A pedophilic fantasy by the popular gay novelist (The Sex Offender, 1994, etc.) whose earlier work showed signs of a vivid imagination rather reluctantly reined in. Here, if hardly for the good, he pulls out all the stops. Most schoolteachers would consider it a tragedy to be fired for moral turpitude. But for narrator Matthew, it’s a good lead. Forced into a year’s leave of absence by irate parents who complain of a nonexistent —love affair— between him and their son, Matthew figures out that the lad is gay—and proceeds to seduce him after the fact. Then, when he’s given a paid leave, Matthew decides to change the scenery. His Seattle neighbor Herbert, a museum curator, is about to embark for Paris in an attempt to locate Picasso’s sketches of Gertrude Stein’s nephew Allan. Matthew and Herbert look uncannily alike, so Herbert allows Matthew to use his passport and go in his place. (Why Matthew couldn—t simply have gotten a cheap flight and cruised the bathhouses on his own is a question we—re apparently meant to suspend.) In Paris, Matthew becomes friendly with a family living down the hall, and he quickly falls in love with their teenaged son, StÇphane. It’s not long before he has StÇphane servicing him. Meanwhile, he tries to piece together the story of Allan Stein, whose strange and sad childhood in the homes of turn-of-the-century Paris intellectuals haunts Matthew almost as much as his search for the Picasso sketches does. In pursuit of the latter, Matthew leaves for the south of France—with StÇphane in tow. Eventually, StÇphane’s parents learn that Matthew is an imposter as well as a pedophile, but StÇphane has no regrets. The course of true love, for Matthew at least, is never straight. A hackneyed portrayal of gay lust: vacuous, pointless, and tasteless in the extreme.

Pub Date: Feb. 1, 1999

ISBN: 0-8021-1653-3

Page Count: 272

Publisher: Grove

Review Posted Online: May 20, 2010

Kirkus Reviews Issue: Dec. 15, 1998

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The author's youthfulness helps to assure the inevitable comparison with the Anne Frank diary although over and above the...


Elie Wiesel spent his early years in a small Transylvanian town as one of four children. 

He was the only one of the family to survive what Francois Maurois, in his introduction, calls the "human holocaust" of the persecution of the Jews, which began with the restrictions, the singularization of the yellow star, the enclosure within the ghetto, and went on to the mass deportations to the ovens of Auschwitz and Buchenwald. There are unforgettable and horrifying scenes here in this spare and sombre memoir of this experience of the hanging of a child, of his first farewell with his father who leaves him an inheritance of a knife and a spoon, and of his last goodbye at Buchenwald his father's corpse is already cold let alone the long months of survival under unconscionable conditions. 

The author's youthfulness helps to assure the inevitable comparison with the Anne Frank diary although over and above the sphere of suffering shared, and in this case extended to the death march itself, there is no spiritual or emotional legacy here to offset any reader reluctance.

Pub Date: Jan. 16, 2006

ISBN: 0374500010

Page Count: 120

Publisher: Hill & Wang

Review Posted Online: Oct. 7, 2011

Kirkus Reviews Issue: Jan. 15, 2006

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Title notwithstanding, this latest from the National Book Award–winning author is no guidebook to getting woke.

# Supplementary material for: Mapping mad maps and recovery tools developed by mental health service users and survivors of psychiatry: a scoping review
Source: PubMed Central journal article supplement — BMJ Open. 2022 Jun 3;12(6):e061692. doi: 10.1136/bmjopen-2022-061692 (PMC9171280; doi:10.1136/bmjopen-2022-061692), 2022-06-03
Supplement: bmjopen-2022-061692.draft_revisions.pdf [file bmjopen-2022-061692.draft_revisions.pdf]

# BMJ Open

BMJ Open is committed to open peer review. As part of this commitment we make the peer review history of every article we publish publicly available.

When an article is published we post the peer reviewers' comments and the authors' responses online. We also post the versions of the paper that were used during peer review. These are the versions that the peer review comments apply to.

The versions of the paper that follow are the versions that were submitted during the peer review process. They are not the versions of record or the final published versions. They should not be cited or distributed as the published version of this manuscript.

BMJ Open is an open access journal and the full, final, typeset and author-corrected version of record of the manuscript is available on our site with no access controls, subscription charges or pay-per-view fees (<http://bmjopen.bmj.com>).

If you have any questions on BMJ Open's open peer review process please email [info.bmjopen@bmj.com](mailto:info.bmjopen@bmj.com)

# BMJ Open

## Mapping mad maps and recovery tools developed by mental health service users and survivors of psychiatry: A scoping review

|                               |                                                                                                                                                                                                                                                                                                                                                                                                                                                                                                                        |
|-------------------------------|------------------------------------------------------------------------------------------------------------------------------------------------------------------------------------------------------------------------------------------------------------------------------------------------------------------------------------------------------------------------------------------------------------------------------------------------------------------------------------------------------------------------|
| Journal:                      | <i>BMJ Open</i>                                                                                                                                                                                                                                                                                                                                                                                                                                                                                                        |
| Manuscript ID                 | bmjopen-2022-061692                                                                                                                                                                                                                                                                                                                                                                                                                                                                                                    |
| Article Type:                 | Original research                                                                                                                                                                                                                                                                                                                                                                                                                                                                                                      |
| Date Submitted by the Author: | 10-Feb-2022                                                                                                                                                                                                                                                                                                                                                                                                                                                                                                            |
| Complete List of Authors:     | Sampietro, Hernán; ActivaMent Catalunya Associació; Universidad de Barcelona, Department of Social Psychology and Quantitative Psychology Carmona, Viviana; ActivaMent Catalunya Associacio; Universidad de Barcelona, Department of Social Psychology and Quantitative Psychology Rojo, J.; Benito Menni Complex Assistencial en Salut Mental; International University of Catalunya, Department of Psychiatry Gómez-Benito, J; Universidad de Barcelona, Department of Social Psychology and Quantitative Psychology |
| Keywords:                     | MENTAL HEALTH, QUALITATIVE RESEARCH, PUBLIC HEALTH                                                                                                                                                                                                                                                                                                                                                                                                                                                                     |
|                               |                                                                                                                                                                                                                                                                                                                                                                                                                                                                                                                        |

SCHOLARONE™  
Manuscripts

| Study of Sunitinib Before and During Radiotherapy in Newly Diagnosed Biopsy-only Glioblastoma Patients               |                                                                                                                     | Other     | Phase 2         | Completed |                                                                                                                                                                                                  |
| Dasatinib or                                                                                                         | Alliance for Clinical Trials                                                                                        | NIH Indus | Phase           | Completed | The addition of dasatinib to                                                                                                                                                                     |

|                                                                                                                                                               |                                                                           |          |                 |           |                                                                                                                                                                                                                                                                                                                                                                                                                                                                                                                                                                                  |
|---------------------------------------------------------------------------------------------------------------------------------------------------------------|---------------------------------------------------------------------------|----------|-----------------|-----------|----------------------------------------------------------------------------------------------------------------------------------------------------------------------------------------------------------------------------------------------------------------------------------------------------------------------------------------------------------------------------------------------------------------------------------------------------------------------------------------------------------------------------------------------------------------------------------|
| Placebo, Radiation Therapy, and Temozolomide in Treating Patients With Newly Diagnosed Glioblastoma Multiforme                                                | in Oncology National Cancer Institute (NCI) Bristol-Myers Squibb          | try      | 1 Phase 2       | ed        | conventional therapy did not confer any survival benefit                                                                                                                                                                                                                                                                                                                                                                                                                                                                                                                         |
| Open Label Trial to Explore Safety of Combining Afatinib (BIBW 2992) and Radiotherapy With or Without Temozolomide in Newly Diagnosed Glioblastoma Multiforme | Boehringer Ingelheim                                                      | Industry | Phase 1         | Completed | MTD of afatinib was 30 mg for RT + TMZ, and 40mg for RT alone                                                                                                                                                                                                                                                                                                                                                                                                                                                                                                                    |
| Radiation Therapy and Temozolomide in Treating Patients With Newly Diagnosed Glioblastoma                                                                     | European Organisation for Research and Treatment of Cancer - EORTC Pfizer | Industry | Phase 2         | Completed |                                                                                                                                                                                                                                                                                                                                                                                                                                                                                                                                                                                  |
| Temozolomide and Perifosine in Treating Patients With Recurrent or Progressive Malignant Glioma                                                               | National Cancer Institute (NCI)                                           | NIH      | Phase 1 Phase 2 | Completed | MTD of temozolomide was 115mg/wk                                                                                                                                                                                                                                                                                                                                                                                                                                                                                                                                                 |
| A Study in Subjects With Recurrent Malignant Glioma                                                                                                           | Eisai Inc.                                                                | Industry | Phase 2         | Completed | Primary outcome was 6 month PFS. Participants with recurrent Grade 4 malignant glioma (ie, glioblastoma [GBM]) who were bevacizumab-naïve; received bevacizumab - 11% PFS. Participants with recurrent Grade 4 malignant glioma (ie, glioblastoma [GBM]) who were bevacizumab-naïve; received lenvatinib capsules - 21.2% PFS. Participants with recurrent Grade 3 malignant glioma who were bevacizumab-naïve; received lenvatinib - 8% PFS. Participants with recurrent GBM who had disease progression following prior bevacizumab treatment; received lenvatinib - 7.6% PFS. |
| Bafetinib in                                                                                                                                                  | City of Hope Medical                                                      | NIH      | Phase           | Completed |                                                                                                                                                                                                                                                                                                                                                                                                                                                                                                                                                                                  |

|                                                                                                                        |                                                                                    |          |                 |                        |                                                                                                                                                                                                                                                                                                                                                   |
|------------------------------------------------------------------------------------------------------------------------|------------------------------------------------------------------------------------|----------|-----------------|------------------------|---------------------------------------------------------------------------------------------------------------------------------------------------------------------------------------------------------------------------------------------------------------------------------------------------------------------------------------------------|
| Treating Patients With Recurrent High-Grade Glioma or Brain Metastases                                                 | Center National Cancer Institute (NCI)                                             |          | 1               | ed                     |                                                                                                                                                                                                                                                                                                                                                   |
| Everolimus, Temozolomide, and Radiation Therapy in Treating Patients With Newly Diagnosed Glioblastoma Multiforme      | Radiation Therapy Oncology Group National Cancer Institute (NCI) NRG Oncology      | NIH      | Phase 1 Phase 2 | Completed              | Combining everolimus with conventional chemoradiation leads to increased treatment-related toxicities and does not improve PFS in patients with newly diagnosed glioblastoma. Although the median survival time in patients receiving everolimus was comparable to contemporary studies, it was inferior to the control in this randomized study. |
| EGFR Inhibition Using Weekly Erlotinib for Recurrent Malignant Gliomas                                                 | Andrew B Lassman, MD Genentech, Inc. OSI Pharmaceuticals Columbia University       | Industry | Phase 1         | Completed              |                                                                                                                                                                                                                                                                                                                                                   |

In fact, the word “woke” appears nowhere within its pages. Rather, it is a combination memoir and extension of Atlantic columnist Kendi’s towering Stamped From the Beginning (2016) that leads readers through a taxonomy of racist thought to anti-racist action. Never wavering from the thesis introduced in his previous book, that “racism is a powerful collection of racist policies that lead to racial inequity and are substantiated by racist ideas,” the author posits a seemingly simple binary: “Antiracism is a powerful collection of antiracist policies that lead to racial equity and are substantiated by antiracist ideas.” The author, founding director of American University’s Antiracist Research and Policy Center, chronicles how he grew from a childhood steeped in black liberation Christianity to his doctoral studies, identifying and dispelling the layers of racist thought under which he had operated. “Internalized racism,” he writes, “is the real Black on Black Crime.” Kendi methodically examines racism through numerous lenses: power, biology, ethnicity, body, culture, and so forth, all the way to the intersectional constructs of gender racism and queer racism (the only section of the book that feels rushed). Each chapter examines one facet of racism, the authorial camera alternately zooming in on an episode from Kendi’s life that exemplifies it—e.g., as a teen, he wore light-colored contact lenses, wanting “to be Black but…not…to look Black”—and then panning to the history that informs it (the antebellum hierarchy that valued light skin over dark). The author then reframes those received ideas with inexorable logic: “Either racist policy or Black inferiority explains why White people are wealthier, healthier, and more powerful than Black people today.” If Kendi is justifiably hard on America, he’s just as hard on himself. When he began college, “anti-Black racist ideas covered my freshman eyes like my orange contacts.” This unsparing honesty helps readers, both white and people of color, navigate this difficult intellectual territory.

Not an easy read but an essential one.

Pub Date: Aug. 13, 2019

ISBN: 978-0-525-50928-8

Page Count: 320

Publisher: One World/Random House

Review Posted Online: April 28, 2019

Kirkus Reviews Issue: May 15, 2019

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